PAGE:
Thanks for the post. It’s been interesting to watch the competition between Uber and Grab in SE Asia. From my perspective, Grab had an upper hand in being able to tailor it’s business model to the market across a range of dimensions: from accepting cash, partnering with taxi companies rather than fighting them, programs aimed at improving the livelihoods of drivers and their families, as well as GrabPay. While this in and of itself may not be sufficient to drive complete loyalty of the SE Asian rider, GrabPay really stands to increase user engagement.To the extent that Grab can incentivise activity across its riding platform and use of GrabPay in multiple contexts, this move could really position Grab as a preferred partner.
Thank you for sharing this M. As a consumer, I definitely prefer more personalised ads and no, that does not mean having items I just looked at while shopping online pop up on every subsequent website I visit. IBMs integrated approach therefore really resonates as a strategy to stand out from the pack in marketing to consumers. Out of curiosity, I just took the Flavor Profiler test and definitely found myself more inclined to trust the subsequent recipe recommendations. As I think back to our conversation on GE today, IBM’s strategy almost seems to be the reverse. In GE’s case, to remain competitive as the hardware market was becoming increasingly commoditised, they faced the mammoth task of developing and integrating software as a new source of competitive advantage. In contrast, IBM already owns the part of the digital advertising value chain that delivers competitive advantage and so its relatively easier to complete an LBM-type acquisition to get the creative resources required to provide an integrated offering. Nonetheless, kudos to them for identifying a relevant market to apply their expertise. #winning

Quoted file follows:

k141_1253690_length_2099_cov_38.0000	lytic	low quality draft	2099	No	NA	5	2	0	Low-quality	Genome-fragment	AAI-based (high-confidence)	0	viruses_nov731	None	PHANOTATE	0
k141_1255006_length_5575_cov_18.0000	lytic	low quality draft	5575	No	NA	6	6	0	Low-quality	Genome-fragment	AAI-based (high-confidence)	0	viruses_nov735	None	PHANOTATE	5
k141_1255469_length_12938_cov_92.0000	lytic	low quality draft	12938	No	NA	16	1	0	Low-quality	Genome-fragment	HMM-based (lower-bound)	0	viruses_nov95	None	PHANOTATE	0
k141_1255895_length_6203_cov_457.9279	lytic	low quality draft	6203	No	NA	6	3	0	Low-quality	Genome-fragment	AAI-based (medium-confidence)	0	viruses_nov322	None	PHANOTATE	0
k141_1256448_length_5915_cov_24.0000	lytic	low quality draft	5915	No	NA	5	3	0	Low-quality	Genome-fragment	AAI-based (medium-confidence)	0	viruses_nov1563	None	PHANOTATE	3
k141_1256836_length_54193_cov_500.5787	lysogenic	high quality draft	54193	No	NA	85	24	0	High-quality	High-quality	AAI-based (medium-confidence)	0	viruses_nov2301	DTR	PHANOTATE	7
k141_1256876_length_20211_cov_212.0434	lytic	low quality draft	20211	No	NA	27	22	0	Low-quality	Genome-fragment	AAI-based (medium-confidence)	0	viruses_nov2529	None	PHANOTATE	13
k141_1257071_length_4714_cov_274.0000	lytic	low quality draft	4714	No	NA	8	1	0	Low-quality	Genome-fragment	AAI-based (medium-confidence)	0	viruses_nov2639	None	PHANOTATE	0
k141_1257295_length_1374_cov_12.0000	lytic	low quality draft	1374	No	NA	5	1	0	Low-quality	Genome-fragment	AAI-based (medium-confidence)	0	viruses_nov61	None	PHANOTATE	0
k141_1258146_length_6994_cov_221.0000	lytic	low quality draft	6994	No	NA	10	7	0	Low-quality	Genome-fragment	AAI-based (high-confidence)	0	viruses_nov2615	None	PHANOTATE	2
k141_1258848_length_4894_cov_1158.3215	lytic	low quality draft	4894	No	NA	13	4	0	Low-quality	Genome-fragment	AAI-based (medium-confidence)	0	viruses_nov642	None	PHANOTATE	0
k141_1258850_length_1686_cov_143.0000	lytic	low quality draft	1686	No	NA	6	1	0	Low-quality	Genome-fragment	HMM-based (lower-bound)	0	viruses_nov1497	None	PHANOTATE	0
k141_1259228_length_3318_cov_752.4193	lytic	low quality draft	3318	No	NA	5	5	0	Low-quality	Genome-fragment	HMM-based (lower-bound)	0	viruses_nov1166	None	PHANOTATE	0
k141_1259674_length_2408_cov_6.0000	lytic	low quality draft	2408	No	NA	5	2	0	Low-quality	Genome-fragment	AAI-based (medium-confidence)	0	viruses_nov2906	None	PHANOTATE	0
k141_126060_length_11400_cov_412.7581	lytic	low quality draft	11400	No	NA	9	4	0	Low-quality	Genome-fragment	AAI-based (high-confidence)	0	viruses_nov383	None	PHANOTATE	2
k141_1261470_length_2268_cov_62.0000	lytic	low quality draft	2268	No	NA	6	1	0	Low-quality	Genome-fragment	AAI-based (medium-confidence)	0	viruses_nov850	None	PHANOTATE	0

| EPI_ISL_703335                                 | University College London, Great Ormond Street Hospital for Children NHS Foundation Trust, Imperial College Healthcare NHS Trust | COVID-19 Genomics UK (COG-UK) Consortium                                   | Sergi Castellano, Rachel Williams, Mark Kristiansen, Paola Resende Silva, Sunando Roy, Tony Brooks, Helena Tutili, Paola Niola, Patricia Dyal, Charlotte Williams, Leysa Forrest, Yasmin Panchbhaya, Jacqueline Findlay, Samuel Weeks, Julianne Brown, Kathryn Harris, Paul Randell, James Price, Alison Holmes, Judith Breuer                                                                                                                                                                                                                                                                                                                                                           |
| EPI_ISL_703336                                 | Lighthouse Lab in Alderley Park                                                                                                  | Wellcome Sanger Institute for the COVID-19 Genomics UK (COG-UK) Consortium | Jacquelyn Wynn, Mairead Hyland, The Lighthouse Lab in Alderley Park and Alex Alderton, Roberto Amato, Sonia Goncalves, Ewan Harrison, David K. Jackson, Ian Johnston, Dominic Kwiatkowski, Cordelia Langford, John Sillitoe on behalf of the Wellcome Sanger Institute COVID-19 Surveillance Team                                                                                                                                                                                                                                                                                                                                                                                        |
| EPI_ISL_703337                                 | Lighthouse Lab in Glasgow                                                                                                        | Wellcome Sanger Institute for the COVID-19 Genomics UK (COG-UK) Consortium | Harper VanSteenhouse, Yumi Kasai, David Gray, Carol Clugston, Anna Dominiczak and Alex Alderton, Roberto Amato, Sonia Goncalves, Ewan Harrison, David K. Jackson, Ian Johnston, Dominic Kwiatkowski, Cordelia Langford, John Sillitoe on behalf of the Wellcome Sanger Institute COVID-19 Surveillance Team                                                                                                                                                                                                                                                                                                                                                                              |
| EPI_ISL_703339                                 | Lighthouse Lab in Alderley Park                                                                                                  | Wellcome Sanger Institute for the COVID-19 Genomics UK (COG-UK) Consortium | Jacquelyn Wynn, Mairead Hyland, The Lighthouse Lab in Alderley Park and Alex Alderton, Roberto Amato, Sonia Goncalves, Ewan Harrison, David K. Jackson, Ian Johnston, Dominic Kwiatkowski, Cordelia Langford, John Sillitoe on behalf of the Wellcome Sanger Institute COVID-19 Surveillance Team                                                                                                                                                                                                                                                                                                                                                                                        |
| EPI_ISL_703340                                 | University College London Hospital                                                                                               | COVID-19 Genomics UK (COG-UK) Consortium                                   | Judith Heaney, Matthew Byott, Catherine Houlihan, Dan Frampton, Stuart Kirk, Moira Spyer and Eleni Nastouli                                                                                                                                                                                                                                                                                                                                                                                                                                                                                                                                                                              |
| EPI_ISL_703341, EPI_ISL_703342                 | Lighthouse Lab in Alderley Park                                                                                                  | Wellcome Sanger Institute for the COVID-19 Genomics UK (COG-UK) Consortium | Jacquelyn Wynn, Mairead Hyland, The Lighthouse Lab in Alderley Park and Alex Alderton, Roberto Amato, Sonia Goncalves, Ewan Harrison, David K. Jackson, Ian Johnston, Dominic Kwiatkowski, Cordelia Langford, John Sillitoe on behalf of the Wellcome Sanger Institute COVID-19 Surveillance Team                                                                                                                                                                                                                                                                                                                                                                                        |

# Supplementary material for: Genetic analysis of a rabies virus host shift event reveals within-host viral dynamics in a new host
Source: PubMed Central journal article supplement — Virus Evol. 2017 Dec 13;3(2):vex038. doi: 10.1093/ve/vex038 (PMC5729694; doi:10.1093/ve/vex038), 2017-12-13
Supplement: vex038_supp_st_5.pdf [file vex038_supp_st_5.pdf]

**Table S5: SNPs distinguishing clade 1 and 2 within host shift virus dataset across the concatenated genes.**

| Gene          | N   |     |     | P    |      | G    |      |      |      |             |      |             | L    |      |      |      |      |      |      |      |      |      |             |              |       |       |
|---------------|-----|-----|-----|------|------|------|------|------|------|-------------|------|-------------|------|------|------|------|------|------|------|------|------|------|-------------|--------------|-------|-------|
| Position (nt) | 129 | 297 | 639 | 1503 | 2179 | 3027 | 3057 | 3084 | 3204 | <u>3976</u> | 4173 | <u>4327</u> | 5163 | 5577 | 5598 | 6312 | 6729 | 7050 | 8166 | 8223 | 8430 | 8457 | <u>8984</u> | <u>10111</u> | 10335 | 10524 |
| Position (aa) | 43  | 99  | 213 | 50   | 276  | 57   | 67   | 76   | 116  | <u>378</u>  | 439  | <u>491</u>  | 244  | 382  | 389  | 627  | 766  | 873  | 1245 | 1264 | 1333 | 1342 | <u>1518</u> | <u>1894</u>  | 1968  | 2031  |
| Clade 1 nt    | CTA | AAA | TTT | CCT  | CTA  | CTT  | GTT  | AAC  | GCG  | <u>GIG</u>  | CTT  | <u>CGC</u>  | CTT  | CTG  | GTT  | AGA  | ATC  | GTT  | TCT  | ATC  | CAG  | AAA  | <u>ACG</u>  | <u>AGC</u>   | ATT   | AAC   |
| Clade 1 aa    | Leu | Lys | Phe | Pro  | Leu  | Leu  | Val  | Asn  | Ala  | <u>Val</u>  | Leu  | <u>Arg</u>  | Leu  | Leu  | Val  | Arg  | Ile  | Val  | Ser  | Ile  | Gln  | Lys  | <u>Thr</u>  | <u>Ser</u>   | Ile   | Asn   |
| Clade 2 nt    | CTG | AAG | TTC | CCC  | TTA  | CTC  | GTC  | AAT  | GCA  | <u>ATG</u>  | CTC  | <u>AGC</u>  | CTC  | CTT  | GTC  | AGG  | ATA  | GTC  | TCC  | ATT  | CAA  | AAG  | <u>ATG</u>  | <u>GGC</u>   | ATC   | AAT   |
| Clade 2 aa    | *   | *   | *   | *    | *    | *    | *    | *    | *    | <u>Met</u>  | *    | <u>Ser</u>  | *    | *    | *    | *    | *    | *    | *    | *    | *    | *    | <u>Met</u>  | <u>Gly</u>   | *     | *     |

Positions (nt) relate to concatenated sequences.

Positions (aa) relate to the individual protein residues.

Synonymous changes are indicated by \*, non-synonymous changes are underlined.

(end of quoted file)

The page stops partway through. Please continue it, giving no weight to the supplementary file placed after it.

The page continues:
Thanks for this post TPA! I had to apply for a new ID while I was home over the winter break so this resonates very deeply. Those were 3 hours of my life I will never get back and what is particularly frustrating is that the 3 hours could actually have been 15 minutes if we embraced the potential of technology to improve the efficiency of these processes. As I was thinking about this, I realised that one key barrier to the adoption of technology is corruption. There are parties within these systems that have a vested interest in maintaining the chaos because it presents an opportunity for them to run ‘parallel expedited processes for an additional (and unofficial) fee’ if you know what I mean. I wonder if this is at all a problem in Peru and how the government intends to deal with that. I think forging ahead to capture the value you described above would really require strong leadership that is more concerned with improving the lives of the broader populace rather than lining the pockets of a few.
It’s very interesting to contrast Lego’s more progressive digital transformation to Mattel’s as described in another post. Yet, as was the case at the end of our discussion on GE in class today, I am left rather perplexed regarding what it truly takes to effect a successful digital transformation of a large organisation. Since the theme of the day was BSSE Disruption Theory, I wonder whether the challenge these large companies face is that they tend to position digital innovations in a manner that is sustaining rather than disruptive to their existing businesses. Certainly, Lego was very creative in its approach to integrate a digital experience into its toys but one can’t help feeling that their brand, while definitely one of their most valuable assets, also fundamentally constrains them to plastic bricks! I would love to see them push the envelope a bit more in this space and really like Cyou’s idea around content creation. In a world where there is so much competition for children’s attention, this type of content could also get Lego on parents and children’s radars much earlier in the children’s lives. This could enable a ‘grow with Lego’ type of strategy as children are subsequently exposed to the increasingly complex offerings described above as they grow older.